Most local businesses in Hawaii have the wrong kind of headline on their website. It's what I call the "welcome mat" headline. We see it all the time on newspapers and magazines and unfortunately, this has carried over to a lot of local website designs. Here's how you can analyze yours.
Here's a newspaper most of us can relate to: Midweek. It's where we get our grocery coupons and find out about local events in our community. This particular edition happened to be the latest one I could find in my house.
You've seen the Midweek covers. Smiling faces, colorful typography, and a headline that grabs interest. And if you haven't seen the Midweek covers, you've seen headlines all over the place. In the newspaper, on magazines, and most often on website hero sections (the very first thing you see when a website loads).
These headlines all sound beautiful and look pretty. They're eye-catching, witty, and fun to read.
But do they do the job? And you know what I'm really asking...Do these headlines convert?
Because a newspaper headline and a website headline have different purposes.
The purpose of a newspaper headline is to entice the reader to open it up and read more. People are already familiar with newspapers and magazines. They know what's inside and have a general idea of what they'll get when they read through it. They'll be updated on the news, get a coupon for their favorite restaurant, or find a job in the ads section.
The purpose of a website's headline is to convince the visitor to convert even though they're not familiar with the product or service. With a powerful headline that converts (and good copy all over your website to support it) your end goal is to get that website visitor to buy, opt-in, give you a call, schedule an appointment, etc.
The problem is that most people write headlines the only way they know how: like a newspaper. Because they've only been exposed to newspapers and magazines. And I can't blame them because learning how to write a headline that CONVERTS is not something that's taught in school.
And guess what: it's also not taught in companies. I've never heard of a local Hawaii company training their digital marketing team on sales copy. It's just not done because people in Hawaii don't understand that there are different types of headlines. There's just one type of headline: the one that looks good, sounds good, and rolls off the tongue. The conversion rate of a headline is not part of the marketing strategy.
Let's take this Midweek headline as an example:
"Welcome to Vegan Paradise"
This is what I like to call a "welcome mat" headline. As a newspaper headline, it's perfectly fine. The phrase is inviting and we get a hint of what we'll find inside when we read the full article. There's also the subtext that gives us a little more detailed information:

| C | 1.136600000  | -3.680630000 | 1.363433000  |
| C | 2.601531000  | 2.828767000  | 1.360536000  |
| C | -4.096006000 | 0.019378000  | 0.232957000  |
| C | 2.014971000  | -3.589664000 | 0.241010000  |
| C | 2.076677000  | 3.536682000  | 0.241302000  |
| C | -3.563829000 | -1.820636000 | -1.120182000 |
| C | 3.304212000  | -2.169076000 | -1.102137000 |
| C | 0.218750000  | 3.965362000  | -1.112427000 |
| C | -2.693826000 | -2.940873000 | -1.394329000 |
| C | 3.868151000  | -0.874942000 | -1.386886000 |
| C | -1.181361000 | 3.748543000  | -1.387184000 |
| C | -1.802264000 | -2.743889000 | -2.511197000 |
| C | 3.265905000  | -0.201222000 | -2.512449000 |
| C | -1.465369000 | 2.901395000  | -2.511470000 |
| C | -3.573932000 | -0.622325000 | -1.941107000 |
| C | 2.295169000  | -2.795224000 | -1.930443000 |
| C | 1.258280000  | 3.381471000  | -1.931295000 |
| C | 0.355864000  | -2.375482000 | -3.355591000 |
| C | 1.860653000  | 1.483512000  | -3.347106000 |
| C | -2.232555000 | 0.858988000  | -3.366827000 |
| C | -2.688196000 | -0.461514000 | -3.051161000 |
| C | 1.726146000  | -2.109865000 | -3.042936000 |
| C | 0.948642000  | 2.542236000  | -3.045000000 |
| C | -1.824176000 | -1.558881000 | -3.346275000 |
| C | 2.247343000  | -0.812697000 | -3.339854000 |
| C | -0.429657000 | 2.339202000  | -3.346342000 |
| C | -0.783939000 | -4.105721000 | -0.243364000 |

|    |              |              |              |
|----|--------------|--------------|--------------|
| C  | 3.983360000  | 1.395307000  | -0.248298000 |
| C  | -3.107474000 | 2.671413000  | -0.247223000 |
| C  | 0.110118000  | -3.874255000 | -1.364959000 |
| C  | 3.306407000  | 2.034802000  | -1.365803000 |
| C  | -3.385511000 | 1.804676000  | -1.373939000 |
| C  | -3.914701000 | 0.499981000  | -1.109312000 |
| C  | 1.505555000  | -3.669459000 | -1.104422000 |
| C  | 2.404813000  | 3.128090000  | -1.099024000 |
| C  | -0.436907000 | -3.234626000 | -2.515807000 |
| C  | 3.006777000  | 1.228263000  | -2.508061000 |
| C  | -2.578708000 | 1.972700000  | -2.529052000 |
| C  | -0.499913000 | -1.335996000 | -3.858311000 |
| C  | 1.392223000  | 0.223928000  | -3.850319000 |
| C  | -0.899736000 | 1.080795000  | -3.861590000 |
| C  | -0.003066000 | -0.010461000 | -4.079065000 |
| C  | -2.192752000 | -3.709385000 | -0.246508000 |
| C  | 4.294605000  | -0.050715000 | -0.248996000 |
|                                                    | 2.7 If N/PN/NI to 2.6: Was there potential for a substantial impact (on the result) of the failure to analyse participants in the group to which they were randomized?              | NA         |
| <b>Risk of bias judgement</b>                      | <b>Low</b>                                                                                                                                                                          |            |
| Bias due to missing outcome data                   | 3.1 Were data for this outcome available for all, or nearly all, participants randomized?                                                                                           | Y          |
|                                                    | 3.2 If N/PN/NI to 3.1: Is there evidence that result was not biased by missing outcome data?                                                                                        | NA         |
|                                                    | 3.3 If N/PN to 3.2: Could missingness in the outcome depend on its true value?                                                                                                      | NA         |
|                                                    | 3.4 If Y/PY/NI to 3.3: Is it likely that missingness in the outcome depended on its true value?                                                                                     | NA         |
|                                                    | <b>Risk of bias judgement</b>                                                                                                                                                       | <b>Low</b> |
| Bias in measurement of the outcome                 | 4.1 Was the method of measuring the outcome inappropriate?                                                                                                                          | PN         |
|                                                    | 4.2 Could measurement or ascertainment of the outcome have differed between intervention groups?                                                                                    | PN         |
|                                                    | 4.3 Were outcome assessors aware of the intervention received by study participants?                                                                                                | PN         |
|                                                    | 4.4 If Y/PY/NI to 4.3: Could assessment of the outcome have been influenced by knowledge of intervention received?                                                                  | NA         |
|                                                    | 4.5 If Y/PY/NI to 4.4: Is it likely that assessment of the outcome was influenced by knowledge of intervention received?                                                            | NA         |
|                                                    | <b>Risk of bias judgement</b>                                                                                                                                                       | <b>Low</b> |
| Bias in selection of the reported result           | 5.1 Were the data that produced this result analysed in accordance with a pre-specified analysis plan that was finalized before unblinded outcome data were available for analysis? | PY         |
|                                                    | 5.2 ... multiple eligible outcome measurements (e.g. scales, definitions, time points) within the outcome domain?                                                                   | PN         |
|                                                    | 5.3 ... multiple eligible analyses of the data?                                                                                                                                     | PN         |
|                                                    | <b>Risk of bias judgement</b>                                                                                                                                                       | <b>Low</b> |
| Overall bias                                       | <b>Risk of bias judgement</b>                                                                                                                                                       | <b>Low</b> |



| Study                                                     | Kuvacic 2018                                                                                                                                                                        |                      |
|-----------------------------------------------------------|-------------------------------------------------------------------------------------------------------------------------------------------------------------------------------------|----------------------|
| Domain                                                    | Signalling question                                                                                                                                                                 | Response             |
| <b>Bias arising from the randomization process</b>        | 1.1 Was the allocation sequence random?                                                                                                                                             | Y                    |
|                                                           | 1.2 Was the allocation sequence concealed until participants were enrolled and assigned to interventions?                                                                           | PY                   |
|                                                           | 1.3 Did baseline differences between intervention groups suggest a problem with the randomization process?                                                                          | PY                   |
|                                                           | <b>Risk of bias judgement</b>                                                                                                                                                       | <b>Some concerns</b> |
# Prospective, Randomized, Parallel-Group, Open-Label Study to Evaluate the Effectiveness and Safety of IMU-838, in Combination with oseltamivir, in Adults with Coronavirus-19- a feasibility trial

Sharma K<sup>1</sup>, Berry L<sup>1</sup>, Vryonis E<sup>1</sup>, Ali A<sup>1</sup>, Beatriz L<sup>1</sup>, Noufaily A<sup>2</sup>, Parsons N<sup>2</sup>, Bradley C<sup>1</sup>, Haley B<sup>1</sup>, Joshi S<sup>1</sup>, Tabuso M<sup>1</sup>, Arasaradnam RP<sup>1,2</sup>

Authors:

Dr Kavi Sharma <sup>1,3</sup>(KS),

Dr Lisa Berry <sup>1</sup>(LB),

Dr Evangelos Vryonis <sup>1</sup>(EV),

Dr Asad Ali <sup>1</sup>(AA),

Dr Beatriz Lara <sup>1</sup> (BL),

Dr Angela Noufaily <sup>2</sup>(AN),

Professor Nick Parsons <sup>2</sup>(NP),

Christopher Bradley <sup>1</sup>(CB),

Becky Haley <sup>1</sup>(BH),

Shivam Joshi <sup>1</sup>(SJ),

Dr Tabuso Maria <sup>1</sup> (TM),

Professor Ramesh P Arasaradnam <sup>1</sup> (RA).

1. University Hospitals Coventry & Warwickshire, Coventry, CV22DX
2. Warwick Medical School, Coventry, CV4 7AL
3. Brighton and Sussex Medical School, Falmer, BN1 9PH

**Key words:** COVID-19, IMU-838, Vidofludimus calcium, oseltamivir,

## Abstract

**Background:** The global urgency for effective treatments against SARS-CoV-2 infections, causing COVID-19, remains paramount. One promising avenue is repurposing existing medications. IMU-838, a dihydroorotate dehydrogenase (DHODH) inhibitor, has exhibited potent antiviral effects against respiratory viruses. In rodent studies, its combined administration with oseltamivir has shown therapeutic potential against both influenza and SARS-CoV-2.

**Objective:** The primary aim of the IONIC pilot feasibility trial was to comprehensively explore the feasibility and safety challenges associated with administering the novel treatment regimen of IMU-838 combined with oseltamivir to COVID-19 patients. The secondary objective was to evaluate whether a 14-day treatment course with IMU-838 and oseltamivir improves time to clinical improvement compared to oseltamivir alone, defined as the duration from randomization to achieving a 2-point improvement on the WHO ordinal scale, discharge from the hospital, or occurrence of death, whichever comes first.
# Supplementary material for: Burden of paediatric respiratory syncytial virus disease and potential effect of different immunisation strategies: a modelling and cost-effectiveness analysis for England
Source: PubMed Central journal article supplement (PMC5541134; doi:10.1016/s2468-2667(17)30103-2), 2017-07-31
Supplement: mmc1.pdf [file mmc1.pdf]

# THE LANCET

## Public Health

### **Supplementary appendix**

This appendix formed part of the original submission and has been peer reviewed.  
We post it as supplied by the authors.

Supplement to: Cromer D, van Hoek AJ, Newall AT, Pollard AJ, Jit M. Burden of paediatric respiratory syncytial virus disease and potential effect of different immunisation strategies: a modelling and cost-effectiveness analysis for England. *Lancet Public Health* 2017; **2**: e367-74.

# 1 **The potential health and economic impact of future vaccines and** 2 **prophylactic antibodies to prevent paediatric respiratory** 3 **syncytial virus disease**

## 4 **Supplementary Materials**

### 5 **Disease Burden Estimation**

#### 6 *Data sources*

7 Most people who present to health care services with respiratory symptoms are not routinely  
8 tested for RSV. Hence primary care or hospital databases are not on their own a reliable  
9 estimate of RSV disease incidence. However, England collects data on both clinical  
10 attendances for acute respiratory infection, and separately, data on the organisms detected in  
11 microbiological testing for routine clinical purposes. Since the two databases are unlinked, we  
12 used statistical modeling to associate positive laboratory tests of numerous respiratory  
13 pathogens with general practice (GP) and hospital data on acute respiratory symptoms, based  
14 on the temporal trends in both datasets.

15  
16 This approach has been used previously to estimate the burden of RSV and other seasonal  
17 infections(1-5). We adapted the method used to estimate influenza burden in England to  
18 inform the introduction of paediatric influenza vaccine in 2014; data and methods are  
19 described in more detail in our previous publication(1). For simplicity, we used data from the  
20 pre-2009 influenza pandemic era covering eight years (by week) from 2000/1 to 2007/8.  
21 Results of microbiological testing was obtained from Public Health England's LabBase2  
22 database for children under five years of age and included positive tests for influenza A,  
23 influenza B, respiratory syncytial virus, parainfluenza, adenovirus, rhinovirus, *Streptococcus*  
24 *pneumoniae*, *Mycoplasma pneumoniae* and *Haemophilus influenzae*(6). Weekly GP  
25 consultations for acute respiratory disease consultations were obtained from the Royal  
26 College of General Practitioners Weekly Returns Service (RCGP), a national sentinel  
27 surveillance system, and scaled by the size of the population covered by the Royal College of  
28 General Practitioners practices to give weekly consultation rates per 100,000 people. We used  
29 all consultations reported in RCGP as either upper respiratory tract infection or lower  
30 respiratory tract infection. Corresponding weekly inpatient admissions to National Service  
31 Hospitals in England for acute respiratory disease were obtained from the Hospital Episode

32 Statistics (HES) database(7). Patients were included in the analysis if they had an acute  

"With the release of her first cookbook, world-renowned vegan chef Lillian Cumic extols what she sees as the real utopia for healthy eating: Hawaii."
That's just the right amount of information for the avid newspaper reader. They know this chef is world-famous and has a new vegan cookbook out. It's short and easy to read.
But what if this was a website?
Would this headline and subtext be the best headline to convert? Definitely not.
The headline and wording depends on Lillian Cumic's target audience and what she's trying to achieve. Here are some rewrites:
Headline: Vegan cuisine at its finest by Chef Lillian Cumic
Subtext: Author. Vegan chef. World famous. Contact Chef Lillian Cumic for collaborations and cook-offs.
Headline: Lose weight, keep it off, and finally feel happy with vegan recipes.
Subtext: It's important to you that you stay as healthy as possible. If you want to lose weight with healthy vegan recipes, I'd love to help.
Headline: My world-famous vegan recipes will have your kids asking for seconds.
Subtext: Easy vegan recipes for families who want to live happier and healthier lives.
See how each headline and subtext changes depending on Lillian Cumic's business direction and her target audience? None of these are the usual "welcome mat" headlines that we're familiar with on newspapers and magazines. Instead, each of these headlines are marketing directly at a specific group.
They speak to her niche and when you have a niche, marketing and copy becomes so much easier.
When Lillian Cumic is working towards fame, other chefs, TV shows, and PR companies will find it really easy to reach out to her because they know that's what she wants.
When she wants to help people lose weight, website visitors will be more interested in purchasing her book, signing up for her emails, and engaging with her on social media because they know immediately that that's what she specializes in.
And when Lillian Cumic wants young families to eat healthier, her messaging convinces her audience of parents that this is the right thing to do for their kids. Not only will the food be healthier, but the kids will think vegan recipes taste good. Plus her headline indicates that she's done this successfully, which makes her a trustworthy expert in consumers' eyes.
So take a look at your own headline on your website.
Is it a fancy headline that belongs to a newspaper or magazine?
Does it directly address the problem that your niche target audience has?
Does it show that you are the expert in your craft?
Most importantly, does it convert?
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